Seeking Insights: Seeing What Others Don't in Sports
Given the advances in technology and the sheer volume of data now collected in sport, finding insights in this information has taken on greater emphasis for sports scientists.
Looking just at English football, Man United has a Director of Football Insights and Innovation, Man City a Head of Football Insights, while the FA has an entire Insights Department, as well as a podcast named DNA Insights, to name just a few. And of course, insights takes pride of place in my own company name, Global Performance Insights!
But what do we actually means by insights? And can we be more intentional in how we come across them? Psychologist Gary Klein thinks so! In this blog post, we'll discuss his book "Seeing What Others Don't: The Remarkable Ways We Gain Insights".
In the book, Klein explores insights and how they relate to our understanding of the world. The author presents a new model of insights, which is a departure from the traditional four-stage model of preparation, incubation, illumination, and verification proposed by Wallas in the Art of Thought. Klein's case against this incumbent model is built on observations that insights often come unexpectedly, and deliberate preparation does not guarantee success.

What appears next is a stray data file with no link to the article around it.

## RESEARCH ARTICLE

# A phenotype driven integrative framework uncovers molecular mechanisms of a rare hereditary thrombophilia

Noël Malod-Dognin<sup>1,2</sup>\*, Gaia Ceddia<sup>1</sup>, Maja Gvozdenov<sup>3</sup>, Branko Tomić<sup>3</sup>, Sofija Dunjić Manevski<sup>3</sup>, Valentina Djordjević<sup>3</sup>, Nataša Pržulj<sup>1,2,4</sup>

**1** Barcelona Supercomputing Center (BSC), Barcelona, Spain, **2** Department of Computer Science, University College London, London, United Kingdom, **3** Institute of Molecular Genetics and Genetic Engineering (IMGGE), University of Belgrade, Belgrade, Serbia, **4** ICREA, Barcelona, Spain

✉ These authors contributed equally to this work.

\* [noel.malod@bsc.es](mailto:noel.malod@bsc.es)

Klein's definition of insights is "an unexpected shift to a better story". They are discontinuous discoveries; they don't evolve naturally from our previous beliefs but shift us toward a new story, a new set of beliefs that are more accurate, comprehensive, and useful. We've previously talked about the importance of updating your beliefs in science and so the search for insights seems paramount.